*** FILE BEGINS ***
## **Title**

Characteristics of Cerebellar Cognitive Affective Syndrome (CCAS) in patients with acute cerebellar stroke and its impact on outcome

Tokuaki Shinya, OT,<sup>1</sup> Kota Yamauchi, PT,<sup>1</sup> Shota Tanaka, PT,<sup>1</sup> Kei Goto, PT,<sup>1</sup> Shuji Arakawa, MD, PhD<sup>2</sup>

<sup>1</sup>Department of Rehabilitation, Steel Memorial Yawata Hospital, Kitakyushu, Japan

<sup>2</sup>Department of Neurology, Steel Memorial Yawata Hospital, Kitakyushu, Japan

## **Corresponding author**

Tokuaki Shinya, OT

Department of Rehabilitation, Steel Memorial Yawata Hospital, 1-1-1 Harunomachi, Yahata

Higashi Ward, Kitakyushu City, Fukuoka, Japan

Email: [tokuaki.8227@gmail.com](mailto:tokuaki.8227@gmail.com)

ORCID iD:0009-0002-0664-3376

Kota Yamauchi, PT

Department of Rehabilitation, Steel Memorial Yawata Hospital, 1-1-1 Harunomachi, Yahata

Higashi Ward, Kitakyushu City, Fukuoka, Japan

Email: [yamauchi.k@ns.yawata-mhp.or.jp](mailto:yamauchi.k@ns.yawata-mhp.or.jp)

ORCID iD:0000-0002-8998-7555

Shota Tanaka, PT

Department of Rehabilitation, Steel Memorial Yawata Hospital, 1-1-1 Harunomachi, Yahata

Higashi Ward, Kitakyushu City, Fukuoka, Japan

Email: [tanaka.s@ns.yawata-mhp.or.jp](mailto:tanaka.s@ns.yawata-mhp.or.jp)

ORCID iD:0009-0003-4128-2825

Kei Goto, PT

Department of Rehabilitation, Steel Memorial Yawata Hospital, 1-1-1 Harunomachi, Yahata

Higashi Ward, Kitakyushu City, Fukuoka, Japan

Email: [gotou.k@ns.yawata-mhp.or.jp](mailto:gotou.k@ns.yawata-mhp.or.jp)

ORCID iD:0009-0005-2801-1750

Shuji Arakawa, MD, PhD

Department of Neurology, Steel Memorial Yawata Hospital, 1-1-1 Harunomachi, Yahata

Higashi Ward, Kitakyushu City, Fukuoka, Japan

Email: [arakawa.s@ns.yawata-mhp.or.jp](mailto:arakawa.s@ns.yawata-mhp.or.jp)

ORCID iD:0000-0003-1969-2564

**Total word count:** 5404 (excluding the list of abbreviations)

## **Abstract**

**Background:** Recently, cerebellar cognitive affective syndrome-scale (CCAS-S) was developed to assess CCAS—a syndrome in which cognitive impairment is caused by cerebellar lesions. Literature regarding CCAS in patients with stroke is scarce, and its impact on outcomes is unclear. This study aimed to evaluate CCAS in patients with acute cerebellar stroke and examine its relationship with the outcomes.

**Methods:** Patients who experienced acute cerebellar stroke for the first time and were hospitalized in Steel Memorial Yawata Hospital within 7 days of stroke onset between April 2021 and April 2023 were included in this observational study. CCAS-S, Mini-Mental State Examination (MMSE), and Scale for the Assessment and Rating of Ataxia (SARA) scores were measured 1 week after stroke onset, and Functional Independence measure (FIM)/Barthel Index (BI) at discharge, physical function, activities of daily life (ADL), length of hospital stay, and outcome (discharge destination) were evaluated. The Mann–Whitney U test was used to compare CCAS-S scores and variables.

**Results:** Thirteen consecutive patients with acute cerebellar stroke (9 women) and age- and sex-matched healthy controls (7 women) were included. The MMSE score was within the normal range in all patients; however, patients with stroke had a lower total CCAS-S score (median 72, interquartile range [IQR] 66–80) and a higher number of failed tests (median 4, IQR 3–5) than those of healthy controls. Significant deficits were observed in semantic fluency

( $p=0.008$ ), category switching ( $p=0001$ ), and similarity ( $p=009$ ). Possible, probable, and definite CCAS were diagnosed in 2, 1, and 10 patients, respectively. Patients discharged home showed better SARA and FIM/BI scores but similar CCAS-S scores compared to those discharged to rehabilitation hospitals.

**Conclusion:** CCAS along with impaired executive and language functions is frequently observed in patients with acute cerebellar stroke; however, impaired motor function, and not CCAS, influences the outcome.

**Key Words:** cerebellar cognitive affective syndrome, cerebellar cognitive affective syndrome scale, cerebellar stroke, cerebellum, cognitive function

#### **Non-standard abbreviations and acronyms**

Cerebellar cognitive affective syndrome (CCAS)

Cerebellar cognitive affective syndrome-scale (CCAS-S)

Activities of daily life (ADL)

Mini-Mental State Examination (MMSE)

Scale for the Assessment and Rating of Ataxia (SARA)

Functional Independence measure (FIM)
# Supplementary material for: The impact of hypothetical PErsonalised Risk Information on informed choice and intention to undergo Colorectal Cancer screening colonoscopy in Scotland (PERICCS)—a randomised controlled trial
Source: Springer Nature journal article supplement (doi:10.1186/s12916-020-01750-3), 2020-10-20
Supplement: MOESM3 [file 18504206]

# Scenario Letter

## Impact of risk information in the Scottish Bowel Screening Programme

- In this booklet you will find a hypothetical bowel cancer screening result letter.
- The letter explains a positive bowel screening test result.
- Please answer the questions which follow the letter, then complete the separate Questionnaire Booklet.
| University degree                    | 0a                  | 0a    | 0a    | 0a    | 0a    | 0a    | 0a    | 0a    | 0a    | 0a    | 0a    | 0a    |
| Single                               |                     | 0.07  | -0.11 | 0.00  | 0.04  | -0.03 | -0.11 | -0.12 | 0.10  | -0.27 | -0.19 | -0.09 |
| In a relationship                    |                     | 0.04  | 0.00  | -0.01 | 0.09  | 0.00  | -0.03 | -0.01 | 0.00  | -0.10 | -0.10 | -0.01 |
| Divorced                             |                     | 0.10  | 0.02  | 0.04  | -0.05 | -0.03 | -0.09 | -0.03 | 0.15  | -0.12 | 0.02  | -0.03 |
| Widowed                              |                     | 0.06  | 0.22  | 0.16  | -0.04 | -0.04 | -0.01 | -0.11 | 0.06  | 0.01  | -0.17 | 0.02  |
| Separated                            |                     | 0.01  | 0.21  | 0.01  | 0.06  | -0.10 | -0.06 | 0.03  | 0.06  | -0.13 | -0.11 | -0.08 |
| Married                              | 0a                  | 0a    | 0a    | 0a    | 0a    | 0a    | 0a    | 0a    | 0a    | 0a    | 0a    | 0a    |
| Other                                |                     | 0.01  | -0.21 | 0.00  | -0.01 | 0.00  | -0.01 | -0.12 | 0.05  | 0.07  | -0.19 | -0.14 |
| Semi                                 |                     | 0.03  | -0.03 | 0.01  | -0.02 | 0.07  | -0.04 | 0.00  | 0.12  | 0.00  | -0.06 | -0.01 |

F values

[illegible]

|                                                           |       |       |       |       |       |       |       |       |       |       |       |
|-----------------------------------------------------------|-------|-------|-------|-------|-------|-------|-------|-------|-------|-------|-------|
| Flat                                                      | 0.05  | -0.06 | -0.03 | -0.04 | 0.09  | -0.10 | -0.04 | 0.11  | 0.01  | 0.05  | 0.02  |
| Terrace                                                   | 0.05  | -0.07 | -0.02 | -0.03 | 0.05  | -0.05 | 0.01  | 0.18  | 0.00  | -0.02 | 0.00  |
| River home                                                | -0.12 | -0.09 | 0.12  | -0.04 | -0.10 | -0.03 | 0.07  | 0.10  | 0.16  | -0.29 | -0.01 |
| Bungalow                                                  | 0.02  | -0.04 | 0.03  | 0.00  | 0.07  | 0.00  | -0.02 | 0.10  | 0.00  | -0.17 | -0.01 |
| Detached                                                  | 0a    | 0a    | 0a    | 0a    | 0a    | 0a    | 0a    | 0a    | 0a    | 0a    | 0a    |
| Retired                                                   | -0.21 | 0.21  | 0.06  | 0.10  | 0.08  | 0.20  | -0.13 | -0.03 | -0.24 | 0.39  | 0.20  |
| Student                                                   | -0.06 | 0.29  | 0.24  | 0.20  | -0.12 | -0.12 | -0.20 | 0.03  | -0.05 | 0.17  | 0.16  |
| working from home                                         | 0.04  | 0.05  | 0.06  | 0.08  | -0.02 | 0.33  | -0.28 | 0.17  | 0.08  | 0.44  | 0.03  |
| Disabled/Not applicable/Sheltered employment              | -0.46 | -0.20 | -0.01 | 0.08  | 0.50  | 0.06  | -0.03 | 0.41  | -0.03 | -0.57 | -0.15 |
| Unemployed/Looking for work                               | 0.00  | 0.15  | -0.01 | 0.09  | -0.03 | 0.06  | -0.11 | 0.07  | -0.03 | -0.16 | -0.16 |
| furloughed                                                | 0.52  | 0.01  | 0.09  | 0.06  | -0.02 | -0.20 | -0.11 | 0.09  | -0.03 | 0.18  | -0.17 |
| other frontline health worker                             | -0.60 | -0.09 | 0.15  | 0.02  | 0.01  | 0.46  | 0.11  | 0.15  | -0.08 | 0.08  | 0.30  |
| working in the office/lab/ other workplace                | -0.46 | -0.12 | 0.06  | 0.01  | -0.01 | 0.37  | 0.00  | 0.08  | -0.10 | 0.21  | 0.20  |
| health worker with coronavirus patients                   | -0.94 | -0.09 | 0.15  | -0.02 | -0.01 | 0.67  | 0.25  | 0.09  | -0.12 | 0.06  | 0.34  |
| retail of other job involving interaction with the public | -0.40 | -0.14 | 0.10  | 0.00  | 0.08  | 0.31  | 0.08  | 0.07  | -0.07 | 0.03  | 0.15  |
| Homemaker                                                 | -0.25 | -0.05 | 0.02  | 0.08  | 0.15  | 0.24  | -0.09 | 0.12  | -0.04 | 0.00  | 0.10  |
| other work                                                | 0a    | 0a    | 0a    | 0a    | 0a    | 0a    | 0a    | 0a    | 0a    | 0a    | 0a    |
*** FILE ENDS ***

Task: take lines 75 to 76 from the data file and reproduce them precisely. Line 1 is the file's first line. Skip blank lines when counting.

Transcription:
| working from home                                         | 0.04  | 0.05  | 0.06  | 0.08  | -0.02 | 0.33  | -0.28 | 0.17  | 0.08  | 0.44  | 0.03  |
| Disabled/Not applicable/Sheltered employment              | -0.46 | -0.20 | -0.01 | 0.08  | 0.50  | 0.06  | -0.03 | 0.41  | -0.03 | -0.57 | -0.15 |